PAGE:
property, i.e. total allocated capital equals total portfolio capital. To implement this, most
models create a capital multiplier. The capital multiplier, , is defined by

where CL is total capital measured at the desired percentile and is the expected loss.

Exhibit 1 -- The Capital Multiplier


Standard deviation

Capital
Std. Dev.

`
0%

Reserves
Expected
Loss

Capital 1- Target Insolvency

The multiplier, , scales the standard deviation based attributions upward so that they sum to
total capital.

A multiple of standard deviation is used, because there is no analytic solution to the problem of
attributing a percentile of the loss distribution.3

Optimizing the Allocation of Capital


Since capital markets are competitive, financial institutions must offer equity investors a return
sufficient to justify their investment. The optimal capital allocation is one that deploys capital to
maximize shareholder value.
Metrics for Comparison
Before the institution can optimize the allocation, it must first measure the return being earned on
capital already employed.
RAROC -- A generic method for calculating RAROC is illustrated in Exhibit 2. 4

Exhibit 2 A Generic Model for Return on Risk Capital


Net
Operating =
Revenue

RAROC =

Revenues
Credit provisions (for expected credit losses)
Direct and Allocated costs

Taxes and adjustments


Capital adjustments

Risk-Adjusted
Economic =
Capital

Credit risk capital


+
Market risk capital
+
Other risk capital

The denominator is diversified economic capital. The numerator represents the economic
earnings of the unit. Note that credit risk enters the numerator as a provision for expected losses,
since expected losses are considered a cost of being in the credit business rather than a risk.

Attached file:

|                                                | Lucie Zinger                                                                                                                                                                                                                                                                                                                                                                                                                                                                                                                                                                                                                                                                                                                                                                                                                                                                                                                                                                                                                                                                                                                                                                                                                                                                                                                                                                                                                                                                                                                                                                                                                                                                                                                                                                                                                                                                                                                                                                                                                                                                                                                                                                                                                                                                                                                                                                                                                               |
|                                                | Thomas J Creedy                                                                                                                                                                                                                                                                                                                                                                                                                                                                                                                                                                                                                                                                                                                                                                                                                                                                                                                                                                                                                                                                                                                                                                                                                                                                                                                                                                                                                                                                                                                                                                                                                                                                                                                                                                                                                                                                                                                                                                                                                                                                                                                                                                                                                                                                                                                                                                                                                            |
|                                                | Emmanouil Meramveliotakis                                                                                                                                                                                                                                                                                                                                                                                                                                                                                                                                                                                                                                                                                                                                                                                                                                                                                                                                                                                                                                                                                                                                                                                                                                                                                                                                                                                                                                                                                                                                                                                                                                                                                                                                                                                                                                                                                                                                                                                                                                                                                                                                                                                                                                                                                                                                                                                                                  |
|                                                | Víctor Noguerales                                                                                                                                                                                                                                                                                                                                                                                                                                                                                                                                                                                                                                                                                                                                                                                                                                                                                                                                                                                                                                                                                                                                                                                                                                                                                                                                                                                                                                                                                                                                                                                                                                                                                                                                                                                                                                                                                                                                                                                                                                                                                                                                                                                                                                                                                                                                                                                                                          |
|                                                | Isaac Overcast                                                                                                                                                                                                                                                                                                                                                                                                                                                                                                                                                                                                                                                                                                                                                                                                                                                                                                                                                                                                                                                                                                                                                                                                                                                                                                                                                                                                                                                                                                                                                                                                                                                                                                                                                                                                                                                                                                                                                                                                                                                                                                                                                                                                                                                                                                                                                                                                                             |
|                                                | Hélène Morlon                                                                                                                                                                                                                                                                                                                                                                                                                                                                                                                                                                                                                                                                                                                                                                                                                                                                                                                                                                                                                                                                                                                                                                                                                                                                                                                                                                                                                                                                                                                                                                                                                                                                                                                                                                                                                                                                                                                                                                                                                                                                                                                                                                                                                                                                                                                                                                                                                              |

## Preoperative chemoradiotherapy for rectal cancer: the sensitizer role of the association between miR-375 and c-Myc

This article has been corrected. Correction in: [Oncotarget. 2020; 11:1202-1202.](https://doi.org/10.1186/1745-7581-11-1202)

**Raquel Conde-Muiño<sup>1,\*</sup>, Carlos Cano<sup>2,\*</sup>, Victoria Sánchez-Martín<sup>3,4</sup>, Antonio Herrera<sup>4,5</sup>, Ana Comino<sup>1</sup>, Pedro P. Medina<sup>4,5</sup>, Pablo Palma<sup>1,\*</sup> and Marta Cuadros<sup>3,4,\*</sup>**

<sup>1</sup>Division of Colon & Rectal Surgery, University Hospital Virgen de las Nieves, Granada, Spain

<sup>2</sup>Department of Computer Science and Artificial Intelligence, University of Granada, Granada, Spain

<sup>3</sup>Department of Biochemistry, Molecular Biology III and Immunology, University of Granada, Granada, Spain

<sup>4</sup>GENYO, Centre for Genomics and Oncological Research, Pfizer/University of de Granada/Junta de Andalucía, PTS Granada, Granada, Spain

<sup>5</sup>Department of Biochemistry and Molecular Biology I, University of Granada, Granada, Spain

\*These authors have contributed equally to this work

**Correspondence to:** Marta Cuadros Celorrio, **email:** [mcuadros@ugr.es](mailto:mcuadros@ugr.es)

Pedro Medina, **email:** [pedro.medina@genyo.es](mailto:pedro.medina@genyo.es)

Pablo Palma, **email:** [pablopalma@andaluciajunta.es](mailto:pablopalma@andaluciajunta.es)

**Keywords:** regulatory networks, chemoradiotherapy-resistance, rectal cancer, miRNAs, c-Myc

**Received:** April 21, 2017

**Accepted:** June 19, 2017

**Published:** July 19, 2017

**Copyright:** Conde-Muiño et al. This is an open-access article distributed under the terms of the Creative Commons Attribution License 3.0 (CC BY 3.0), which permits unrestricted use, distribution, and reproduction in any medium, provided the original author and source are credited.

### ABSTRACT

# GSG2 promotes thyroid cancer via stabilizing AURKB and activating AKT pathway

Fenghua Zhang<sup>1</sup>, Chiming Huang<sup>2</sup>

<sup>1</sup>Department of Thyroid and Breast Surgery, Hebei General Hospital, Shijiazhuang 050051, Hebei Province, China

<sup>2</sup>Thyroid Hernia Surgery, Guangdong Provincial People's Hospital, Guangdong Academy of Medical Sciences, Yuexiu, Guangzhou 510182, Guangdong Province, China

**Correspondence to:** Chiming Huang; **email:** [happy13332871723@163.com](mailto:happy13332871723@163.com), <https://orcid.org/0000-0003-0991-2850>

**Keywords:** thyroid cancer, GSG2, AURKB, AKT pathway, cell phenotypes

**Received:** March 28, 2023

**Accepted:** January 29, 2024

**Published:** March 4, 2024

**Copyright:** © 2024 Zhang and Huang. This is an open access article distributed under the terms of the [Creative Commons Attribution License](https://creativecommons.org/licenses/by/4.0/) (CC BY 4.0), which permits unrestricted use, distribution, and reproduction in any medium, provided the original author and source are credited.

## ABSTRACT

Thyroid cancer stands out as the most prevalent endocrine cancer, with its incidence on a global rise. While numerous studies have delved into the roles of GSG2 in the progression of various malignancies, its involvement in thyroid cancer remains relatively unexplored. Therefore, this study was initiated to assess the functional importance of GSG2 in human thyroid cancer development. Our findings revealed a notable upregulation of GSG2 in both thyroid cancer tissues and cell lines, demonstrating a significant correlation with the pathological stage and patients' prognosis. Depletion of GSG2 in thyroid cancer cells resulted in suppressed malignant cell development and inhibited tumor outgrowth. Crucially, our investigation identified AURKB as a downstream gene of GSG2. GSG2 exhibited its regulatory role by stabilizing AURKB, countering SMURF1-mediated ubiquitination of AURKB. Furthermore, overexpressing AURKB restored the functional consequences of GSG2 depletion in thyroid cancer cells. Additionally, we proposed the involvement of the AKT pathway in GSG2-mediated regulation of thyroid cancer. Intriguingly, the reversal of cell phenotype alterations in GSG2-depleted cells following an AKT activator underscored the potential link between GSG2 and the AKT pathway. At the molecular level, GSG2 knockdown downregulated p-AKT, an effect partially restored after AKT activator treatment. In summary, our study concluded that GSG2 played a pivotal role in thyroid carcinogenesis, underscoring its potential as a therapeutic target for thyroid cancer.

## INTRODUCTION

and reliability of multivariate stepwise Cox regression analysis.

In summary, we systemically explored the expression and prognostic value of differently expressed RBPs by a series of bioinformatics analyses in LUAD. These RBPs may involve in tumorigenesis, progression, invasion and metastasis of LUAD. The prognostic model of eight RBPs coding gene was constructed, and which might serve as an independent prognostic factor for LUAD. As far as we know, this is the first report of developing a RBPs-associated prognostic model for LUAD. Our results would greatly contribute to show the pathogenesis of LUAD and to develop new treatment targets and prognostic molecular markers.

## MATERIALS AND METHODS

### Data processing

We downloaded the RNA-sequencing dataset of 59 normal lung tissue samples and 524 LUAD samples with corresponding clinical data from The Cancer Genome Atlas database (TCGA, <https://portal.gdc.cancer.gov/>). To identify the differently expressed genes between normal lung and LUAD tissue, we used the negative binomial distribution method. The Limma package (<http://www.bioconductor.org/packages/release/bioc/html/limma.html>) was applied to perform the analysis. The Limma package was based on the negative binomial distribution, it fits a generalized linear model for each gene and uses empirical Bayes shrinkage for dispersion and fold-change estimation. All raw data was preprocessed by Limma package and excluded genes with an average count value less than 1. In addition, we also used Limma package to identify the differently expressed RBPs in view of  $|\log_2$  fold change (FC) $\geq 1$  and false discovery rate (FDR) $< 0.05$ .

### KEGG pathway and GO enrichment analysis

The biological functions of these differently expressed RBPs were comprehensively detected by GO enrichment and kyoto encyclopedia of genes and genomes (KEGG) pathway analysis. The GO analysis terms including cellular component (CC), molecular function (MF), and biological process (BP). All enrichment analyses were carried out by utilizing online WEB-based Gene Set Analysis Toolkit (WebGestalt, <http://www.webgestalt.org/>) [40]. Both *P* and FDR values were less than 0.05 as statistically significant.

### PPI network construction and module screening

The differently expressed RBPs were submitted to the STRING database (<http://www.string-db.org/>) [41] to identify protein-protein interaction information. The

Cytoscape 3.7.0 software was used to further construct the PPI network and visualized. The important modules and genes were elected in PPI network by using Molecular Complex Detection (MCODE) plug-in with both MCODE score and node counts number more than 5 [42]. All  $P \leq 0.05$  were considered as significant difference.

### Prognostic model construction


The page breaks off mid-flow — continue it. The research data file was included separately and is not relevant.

While institutions differ in the way they treat capital, a common approach is to give each unit
3

The appropriateness of this method is called into question by the fact that the relative riskiness of transactions
change as one moves from standard deviation out to the tail of the loss distribution. This issue will be covered in an
article by Greg Hayt and Jack Praschnik in the July issue of Risk.
4
RAROC literally stands for Risk-Adjusted Return on Capital but, as is illustrated in Exhibit 2, the most common
calculation is actually Return on Risk-Adjusted Capital i.e., we calculate RORAC, but call it RAROC.

credit for the risk capital deployed, i.e. to reflect earnings on the risk capital as if it were invested
in a risk-free asset. Others attribute this return on capital to a central treasury function.
Economic profit -- The cost of capital deployed is deducted from net operating revenue:

With respect to the rate of return required by shareholders, financial institutions generally use a
single number, estimated at the institution level, to all transactions and business units. This
bank-wide required return might be estimated using the Capital Asset Pricing Model, the firms
stock beta, and the equity risk premium; but, more likely, it is a blended rate, reflecting the
banks actual costs of permanent financing, and input from outside sources on equity financing
costs.
We perceive economic profit to be a more direct measure of whether a firm (or a business unit
within that firm) is creating value for its shareholders, because of the direct relationship between
economic profit and value creation. While it is true that a RAROC above the cost of capital
indicates positive economic profit, economic profit provides a clearer signal: RAROC